This Melba release continues to unearth rare works by relatively obscure composers.
Charles Kœchlin is a prolific French composer remembered, if at all, almost exclusively for his 1933 Seven Stars Symphony, which had movements dedicated to Marlene Dietrich, Charlie Chaplin and Greta Garbo; Belgian composer Joseph Jongen is known mainly for organ works.
If nothing else, the release demonstrates material for solo viola is much richer than generally imagined. By far the longest work (at 30’) is Kœchlin’s Sonata Op 53 (1912-5), a rich addition to this repertoire. Benedict’s playing is mesmeric, conveying moods varying from languorous to ruminative, and is always darkly beautiful. The third movement andante seems to anticipate Messiaen, with the ethereal voice of the viola floating above pointillistic piano chords.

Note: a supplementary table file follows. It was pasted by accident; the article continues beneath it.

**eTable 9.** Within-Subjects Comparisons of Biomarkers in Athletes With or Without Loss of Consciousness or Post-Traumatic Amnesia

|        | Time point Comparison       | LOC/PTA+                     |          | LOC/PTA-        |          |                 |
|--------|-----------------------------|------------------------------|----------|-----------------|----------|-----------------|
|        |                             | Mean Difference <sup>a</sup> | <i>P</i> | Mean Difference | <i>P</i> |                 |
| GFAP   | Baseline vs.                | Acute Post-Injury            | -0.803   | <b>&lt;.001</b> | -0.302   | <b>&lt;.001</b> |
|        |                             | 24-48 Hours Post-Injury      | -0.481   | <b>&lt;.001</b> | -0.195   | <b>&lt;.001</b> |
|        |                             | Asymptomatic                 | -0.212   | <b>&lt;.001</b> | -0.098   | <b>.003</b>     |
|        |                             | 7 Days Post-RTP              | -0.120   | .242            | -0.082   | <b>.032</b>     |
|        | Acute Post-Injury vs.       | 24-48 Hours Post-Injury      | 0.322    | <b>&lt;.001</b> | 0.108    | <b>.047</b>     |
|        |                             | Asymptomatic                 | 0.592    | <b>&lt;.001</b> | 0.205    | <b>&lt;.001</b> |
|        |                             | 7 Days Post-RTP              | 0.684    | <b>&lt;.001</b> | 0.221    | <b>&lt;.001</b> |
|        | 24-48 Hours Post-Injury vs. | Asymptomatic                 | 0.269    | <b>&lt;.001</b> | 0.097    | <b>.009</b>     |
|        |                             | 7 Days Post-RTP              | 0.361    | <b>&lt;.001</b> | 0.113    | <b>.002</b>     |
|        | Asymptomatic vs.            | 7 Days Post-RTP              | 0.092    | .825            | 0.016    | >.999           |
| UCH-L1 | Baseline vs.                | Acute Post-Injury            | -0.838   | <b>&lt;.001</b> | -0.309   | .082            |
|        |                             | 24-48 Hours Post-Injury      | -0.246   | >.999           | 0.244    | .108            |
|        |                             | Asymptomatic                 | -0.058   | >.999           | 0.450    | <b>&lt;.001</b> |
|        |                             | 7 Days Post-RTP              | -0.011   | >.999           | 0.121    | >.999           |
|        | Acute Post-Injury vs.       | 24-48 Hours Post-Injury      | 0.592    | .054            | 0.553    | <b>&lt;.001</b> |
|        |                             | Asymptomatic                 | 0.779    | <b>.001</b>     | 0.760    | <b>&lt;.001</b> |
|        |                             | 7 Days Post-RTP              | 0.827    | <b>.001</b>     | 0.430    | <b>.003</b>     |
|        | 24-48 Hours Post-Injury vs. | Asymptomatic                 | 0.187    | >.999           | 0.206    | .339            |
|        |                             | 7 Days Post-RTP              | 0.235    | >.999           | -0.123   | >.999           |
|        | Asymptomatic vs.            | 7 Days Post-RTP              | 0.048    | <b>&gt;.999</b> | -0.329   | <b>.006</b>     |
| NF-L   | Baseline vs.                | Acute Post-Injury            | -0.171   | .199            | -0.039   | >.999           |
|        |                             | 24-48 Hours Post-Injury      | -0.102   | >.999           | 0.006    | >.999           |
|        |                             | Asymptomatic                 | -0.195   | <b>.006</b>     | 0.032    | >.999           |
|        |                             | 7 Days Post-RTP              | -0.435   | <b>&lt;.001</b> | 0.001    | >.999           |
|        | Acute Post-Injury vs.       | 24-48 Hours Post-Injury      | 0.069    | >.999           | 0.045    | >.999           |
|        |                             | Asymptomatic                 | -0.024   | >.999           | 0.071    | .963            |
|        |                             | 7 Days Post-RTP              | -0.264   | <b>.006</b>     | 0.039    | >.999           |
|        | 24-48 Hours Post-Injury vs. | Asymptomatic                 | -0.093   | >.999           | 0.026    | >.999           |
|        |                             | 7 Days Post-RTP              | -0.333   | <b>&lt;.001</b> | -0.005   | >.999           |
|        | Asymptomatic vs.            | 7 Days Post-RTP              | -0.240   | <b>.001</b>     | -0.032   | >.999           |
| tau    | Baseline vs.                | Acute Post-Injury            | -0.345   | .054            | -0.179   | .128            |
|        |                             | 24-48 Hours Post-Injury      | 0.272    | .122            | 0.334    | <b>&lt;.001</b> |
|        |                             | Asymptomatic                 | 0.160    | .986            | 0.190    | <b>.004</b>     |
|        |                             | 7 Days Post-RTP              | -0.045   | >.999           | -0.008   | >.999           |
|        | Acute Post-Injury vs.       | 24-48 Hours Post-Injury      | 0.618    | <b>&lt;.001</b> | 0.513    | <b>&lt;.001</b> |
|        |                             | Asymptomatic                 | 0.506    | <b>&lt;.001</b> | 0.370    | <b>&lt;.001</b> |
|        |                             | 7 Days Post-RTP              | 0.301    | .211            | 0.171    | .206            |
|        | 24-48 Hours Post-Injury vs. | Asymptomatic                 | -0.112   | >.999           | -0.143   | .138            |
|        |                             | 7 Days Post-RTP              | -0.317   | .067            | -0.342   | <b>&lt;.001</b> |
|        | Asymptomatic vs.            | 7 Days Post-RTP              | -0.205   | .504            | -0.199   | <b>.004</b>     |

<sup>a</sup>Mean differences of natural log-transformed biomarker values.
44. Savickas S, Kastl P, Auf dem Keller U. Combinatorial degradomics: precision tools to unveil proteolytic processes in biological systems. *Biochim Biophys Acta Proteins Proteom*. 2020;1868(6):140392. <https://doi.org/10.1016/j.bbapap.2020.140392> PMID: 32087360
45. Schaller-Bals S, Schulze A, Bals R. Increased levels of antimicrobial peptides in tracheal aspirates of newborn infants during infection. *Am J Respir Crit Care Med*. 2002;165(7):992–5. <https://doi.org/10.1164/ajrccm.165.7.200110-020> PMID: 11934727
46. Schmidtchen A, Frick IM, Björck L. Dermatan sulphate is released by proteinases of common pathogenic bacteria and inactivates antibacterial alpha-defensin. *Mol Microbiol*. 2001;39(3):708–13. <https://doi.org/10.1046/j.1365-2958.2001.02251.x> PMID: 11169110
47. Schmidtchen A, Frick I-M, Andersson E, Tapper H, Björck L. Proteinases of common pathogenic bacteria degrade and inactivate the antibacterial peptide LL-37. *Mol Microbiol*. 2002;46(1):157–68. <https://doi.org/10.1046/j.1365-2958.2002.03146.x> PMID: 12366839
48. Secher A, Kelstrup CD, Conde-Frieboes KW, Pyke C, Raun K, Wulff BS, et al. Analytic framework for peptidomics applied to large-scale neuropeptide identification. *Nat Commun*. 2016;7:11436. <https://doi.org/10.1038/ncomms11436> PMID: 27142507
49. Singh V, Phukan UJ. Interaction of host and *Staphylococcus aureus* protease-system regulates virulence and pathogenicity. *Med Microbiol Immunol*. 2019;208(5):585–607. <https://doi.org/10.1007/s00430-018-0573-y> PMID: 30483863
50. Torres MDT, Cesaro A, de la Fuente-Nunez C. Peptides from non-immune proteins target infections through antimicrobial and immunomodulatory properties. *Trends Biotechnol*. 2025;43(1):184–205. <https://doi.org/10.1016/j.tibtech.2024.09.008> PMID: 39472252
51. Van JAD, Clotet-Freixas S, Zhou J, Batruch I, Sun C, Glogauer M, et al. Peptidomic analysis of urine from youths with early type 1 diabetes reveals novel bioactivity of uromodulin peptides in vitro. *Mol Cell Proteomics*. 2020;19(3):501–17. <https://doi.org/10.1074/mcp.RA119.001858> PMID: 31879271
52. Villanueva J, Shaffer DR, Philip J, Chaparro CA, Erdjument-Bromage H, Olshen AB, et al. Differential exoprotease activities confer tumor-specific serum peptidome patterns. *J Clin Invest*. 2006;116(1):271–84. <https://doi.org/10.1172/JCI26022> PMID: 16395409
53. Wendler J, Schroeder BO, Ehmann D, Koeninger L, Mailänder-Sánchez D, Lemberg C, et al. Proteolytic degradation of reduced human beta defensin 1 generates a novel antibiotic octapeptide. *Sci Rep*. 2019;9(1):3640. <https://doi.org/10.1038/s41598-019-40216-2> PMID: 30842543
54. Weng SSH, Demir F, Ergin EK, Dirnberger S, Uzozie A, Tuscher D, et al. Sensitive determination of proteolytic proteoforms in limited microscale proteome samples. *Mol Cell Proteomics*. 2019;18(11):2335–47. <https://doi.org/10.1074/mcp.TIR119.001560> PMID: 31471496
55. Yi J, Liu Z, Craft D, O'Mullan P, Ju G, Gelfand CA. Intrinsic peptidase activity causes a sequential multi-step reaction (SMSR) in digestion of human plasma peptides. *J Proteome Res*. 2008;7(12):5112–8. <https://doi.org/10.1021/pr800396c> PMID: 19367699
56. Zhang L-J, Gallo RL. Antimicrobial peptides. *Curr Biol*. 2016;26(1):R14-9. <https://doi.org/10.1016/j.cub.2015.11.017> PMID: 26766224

The other pieces which engaged me were Kœchlin’s Quatre Petites Pieces, on which Benedict is joined by the French horn of Ben Jacks. Two complaints: why do the liner notes not follow the performance sequence, causing listeners to keep having to flip back and forth tediously to remind themselves which particular piece they’re listening to? And why does Ivan March state in them “it seems likely that Koechlin intended this [the finale of the sonata] as a threnody [i.e. lament] for Milhaud, the loss of his great friend…”
The Sonata was composed between 1912 and 1915. Milhaud died in 1974, aged 82!
What are your thoughts on this article? Have your say and leave your comments below.
Please read our guidelines on commenting
. Offending posts will
be removed and your access may be suspended. Abusive or obscene language will not be tolerated. The comments below do not necessarily
reflect the views or opinions of Limelight, Haymarket Media or its employees.